Friday, May 19, 2017

Microstory 585: Aerial Broadcasting Terminals Unsafe, Scientists Say

When the first land vehicle was invented circa 1694, its hopeful manufacturers faced a problem that continues today for other advances. Why would you buy a car when there’s nowhere to replenish its fuel? Why would you build a refilling station when there aren’t any cars to use them? People figured out this problem eventually, and besides a few hiccups, things ended up okay. Both cars, and their refilling station companions, became ubiquitous across the globe. The second wave of advancements did not come with quite the same issue. Electric vehicles, of course, required a different power source, but at least the infrastructure was already in place. It wasn’t all that hard to retrofit preexisting petrol refilling stations with battery caches. As archaic as it might sound, supercharging was nowhere near possible, and so stations got in the business of trading dead batteries with full batteries, with the ultimate plan to recharge those so that they could in turn be traded with later customers. In fact, statisticians [erroneously] estimated at one point that, if a given individual used the same station for at least a year, chances approach 100% that they used the same battery twice on different charge cycles. Unfortunately for the battery trading trade, this business model was not stable. People wanted to charge their cars as fast as they once filled their tanks, and they didn’t want to lug around heavy batteries in order to do it. Fortunately for them, this was becoming possible, but it also threatened a return to the issue of coordinating rechargeable electric cars with their charging stations. But again, they figured it out. Due to its high cost, only the wealthiest of people were capable of affording electric cars anyway. This allowed for a slower roll-out of charging ports, which were comparatively cheap, and usually worth the lack of business. Electricity, unlike liquid fuels, doesn’t go bad after time, and can be transmitted instantaneously across vast distances, if need be. Once electric vehicles were ready for the middle market, their charging stations were already waiting for them.
When Erebus Heffernan completed his lifelong project of his own form of transportation, he rejoiced. No longer would anyone need to stop and fill up on liquid fuel, or even electricity. It wouldn’t even be necessary to traverse the distance between two points at all. He had created a teleportation device. Passengers step inside the transporter, and indicate their destination. The machine dematerializes them into their composite atoms, and “beams” them to a satellite overhead, which then beams them back down to the planet somewhere else. If you think this sounds fast, but dangerous, you are not alone. Scientists agree with you, and they have the research to back up their claims. In a paper originally published in the scientific journal, Holophrasm, a team of three respected scientists work out the issues with the Aerial Broadcasting Terminal system. It might sound like the setup to a joke, but a molecular physicist, an ethics-centered metaphysicist, and a quantum physicist walked into a conference room at university, and began working together. The entirety of their paper will be accessible to the public in four months time, but as I belong to the industry, I’ve received an early copy. The gist of it is that letting a machine rip you apart, and reassemble you somewhere tantamount to suicide. So many questions can’t really ever be answered, the majority of them posed by the metaphysicist. If something goes wrong while in transit, what happens to you? If one of the machines breaks down and is unable to transmit, or reassemble you, are you dead? If the satellite faces critical failure, and loses power for a time, what are you then? Just a series of data on a logic board. But what if a million years from now, our descendants discover that ancient satellite, and bring you out of it? You’ve returned, but you were probably declared dead 999,999 years ago. Were you? What if there’s some kind of data corruption, and you end up disfigured, or nothing but a pile of goop, on the other side? What even is life?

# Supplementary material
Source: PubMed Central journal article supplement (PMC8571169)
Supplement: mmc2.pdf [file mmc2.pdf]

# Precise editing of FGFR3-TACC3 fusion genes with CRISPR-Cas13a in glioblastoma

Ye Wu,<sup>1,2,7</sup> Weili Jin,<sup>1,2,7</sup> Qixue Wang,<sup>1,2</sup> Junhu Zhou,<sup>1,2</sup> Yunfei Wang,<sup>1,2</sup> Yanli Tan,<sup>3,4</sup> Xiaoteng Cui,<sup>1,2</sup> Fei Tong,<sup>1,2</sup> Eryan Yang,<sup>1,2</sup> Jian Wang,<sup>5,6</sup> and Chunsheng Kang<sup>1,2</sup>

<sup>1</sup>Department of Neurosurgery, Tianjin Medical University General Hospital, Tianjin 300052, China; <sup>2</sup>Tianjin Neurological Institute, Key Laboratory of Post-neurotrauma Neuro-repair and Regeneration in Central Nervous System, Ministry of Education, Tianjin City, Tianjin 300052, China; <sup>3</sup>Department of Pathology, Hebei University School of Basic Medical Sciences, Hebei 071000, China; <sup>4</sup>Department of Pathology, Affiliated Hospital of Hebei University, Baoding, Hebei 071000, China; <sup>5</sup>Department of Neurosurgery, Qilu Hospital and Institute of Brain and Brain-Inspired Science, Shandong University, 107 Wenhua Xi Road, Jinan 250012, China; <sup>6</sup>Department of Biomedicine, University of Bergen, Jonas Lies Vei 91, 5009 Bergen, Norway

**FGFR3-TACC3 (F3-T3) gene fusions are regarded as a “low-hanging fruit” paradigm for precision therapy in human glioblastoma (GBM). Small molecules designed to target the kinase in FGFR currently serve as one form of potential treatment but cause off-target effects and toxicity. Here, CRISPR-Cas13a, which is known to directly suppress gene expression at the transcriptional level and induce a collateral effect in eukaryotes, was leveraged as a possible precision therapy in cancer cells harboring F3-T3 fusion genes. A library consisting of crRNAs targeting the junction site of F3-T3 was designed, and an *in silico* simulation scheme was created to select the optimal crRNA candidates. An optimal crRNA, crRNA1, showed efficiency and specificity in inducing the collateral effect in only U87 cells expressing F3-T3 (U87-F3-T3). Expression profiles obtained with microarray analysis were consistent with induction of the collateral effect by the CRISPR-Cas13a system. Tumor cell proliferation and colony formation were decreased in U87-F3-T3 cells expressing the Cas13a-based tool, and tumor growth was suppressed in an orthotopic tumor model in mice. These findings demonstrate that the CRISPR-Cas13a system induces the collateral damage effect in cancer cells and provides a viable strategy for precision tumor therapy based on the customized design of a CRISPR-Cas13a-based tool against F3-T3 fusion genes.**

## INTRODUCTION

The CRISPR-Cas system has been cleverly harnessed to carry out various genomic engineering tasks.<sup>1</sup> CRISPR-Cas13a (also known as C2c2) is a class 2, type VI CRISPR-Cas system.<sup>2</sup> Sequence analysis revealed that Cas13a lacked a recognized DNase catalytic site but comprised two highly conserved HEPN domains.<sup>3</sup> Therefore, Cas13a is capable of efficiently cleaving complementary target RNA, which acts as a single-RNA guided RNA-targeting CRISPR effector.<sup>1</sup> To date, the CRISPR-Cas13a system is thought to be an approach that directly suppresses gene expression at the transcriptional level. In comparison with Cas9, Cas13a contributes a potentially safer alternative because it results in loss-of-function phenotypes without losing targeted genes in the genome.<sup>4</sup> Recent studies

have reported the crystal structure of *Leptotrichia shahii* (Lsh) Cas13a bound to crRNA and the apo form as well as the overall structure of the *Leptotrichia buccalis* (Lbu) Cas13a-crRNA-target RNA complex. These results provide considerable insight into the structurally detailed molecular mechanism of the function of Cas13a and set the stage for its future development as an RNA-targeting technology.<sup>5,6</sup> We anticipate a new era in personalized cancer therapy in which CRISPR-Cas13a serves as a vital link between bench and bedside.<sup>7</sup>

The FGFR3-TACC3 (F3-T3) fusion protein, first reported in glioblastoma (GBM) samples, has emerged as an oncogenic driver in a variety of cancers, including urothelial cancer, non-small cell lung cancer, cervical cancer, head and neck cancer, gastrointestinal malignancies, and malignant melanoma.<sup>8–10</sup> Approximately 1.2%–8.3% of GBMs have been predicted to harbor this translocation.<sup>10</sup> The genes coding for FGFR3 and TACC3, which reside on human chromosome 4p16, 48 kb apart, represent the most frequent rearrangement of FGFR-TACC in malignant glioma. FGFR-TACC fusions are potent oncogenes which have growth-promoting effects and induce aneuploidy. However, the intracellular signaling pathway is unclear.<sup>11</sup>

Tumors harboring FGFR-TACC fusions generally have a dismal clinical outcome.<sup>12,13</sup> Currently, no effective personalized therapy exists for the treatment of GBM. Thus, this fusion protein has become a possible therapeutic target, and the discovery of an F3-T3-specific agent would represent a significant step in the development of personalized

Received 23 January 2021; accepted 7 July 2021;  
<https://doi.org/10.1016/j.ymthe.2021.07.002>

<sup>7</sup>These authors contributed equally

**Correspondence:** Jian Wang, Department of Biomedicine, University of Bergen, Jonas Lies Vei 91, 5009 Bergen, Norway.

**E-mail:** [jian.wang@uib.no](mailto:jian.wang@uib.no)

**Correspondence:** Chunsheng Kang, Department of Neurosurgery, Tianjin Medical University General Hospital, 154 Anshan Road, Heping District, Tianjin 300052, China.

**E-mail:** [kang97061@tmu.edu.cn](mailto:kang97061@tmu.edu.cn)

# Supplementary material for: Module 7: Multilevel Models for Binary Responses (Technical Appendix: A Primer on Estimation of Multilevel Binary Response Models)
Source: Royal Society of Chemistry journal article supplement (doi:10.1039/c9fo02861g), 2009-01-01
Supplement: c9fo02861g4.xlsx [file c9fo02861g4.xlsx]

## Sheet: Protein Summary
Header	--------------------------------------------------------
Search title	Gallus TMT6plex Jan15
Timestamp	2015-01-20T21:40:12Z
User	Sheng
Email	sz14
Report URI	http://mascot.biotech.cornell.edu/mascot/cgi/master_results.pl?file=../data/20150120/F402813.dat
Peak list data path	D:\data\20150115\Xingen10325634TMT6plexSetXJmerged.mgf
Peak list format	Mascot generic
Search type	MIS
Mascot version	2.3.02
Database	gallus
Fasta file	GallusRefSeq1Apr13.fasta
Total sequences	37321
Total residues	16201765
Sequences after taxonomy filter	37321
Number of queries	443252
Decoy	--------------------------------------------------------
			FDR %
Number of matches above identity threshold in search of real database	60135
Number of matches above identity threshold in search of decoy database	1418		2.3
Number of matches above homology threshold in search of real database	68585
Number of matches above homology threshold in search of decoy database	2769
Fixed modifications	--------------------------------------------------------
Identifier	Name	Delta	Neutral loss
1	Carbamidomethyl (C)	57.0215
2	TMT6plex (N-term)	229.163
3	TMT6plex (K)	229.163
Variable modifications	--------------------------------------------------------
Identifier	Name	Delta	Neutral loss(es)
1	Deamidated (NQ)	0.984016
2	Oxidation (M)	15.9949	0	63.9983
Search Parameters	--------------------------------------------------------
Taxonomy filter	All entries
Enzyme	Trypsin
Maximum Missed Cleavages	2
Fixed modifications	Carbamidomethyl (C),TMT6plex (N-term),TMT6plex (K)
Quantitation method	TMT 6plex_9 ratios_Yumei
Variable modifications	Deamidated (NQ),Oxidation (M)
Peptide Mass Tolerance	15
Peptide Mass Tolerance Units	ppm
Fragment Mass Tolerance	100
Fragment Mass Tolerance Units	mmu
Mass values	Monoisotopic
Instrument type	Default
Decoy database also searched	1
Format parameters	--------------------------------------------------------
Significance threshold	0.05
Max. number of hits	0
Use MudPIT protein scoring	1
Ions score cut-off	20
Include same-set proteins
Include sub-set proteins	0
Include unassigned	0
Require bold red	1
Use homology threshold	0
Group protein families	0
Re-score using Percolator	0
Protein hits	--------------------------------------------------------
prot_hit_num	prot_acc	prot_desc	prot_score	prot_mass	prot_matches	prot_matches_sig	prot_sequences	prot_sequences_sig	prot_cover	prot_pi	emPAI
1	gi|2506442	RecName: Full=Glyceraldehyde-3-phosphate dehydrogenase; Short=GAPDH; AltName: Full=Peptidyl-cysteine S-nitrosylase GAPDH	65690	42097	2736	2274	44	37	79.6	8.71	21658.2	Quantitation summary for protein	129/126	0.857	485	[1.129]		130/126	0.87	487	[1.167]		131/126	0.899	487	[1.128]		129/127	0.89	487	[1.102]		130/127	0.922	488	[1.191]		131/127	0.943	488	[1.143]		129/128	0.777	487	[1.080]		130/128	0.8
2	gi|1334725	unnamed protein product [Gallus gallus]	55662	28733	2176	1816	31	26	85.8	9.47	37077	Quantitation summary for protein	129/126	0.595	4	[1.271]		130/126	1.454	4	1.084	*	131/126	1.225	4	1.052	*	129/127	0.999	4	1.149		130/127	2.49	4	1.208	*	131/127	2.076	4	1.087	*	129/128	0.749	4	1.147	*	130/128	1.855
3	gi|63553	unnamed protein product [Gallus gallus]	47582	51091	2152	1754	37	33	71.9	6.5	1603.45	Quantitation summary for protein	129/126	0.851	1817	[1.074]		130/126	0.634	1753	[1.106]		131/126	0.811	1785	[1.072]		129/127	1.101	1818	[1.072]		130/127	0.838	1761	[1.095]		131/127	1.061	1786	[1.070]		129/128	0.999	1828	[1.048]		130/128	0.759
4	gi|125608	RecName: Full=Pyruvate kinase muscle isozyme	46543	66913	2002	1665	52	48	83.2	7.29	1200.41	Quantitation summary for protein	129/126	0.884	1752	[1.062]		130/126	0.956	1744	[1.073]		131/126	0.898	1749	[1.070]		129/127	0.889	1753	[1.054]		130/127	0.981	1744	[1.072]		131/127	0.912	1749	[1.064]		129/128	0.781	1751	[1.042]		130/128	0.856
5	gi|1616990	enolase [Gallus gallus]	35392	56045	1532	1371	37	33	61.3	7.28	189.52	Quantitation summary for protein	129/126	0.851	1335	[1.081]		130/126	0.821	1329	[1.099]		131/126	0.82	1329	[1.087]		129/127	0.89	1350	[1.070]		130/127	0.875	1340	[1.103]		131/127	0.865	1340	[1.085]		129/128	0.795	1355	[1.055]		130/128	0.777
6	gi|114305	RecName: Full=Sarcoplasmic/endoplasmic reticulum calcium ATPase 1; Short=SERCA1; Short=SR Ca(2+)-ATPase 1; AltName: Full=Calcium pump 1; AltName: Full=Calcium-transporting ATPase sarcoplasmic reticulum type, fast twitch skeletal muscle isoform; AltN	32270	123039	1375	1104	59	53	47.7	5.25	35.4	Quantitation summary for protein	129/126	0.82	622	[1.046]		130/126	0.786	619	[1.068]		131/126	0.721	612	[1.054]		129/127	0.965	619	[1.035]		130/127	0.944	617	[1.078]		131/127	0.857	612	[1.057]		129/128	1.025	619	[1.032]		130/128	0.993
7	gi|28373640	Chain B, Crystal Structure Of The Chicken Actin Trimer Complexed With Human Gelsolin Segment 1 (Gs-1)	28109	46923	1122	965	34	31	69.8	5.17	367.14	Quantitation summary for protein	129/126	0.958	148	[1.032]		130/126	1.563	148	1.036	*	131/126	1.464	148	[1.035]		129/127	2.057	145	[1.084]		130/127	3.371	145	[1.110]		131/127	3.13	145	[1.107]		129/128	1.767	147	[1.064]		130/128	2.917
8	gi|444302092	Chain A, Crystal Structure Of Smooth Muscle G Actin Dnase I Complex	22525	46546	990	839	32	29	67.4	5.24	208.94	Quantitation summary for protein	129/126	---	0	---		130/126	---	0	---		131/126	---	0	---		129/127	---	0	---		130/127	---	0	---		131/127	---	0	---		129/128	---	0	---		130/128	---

The reason this article began with an explanation of earlier transportation advances is because Heffernan wanted to avoid these kind of problems by pouring a ton of money in infrastructure, under the assumption that people will flock to this new technology, and begin using it immediately. A trip costs a few dollars, and zero commitment, so why wouldn’t people jump at the chance to ditch their cars and get anywhere they wanted faster? Heffernan invested billions of Usonian dollars building machines all over the world, along with a fleet of satellite intermediaries, the majority of which have not yet launched. It appears that his investments may have been for naught, as this paper has already caused a number of industry experts to warn would-be travelers of the dangers of this form of teleportation, myself included. Only time will tell if the concerns listed in the Holophrasm article are somehow dispelled, or if enough customers decide them to be worth the risk.

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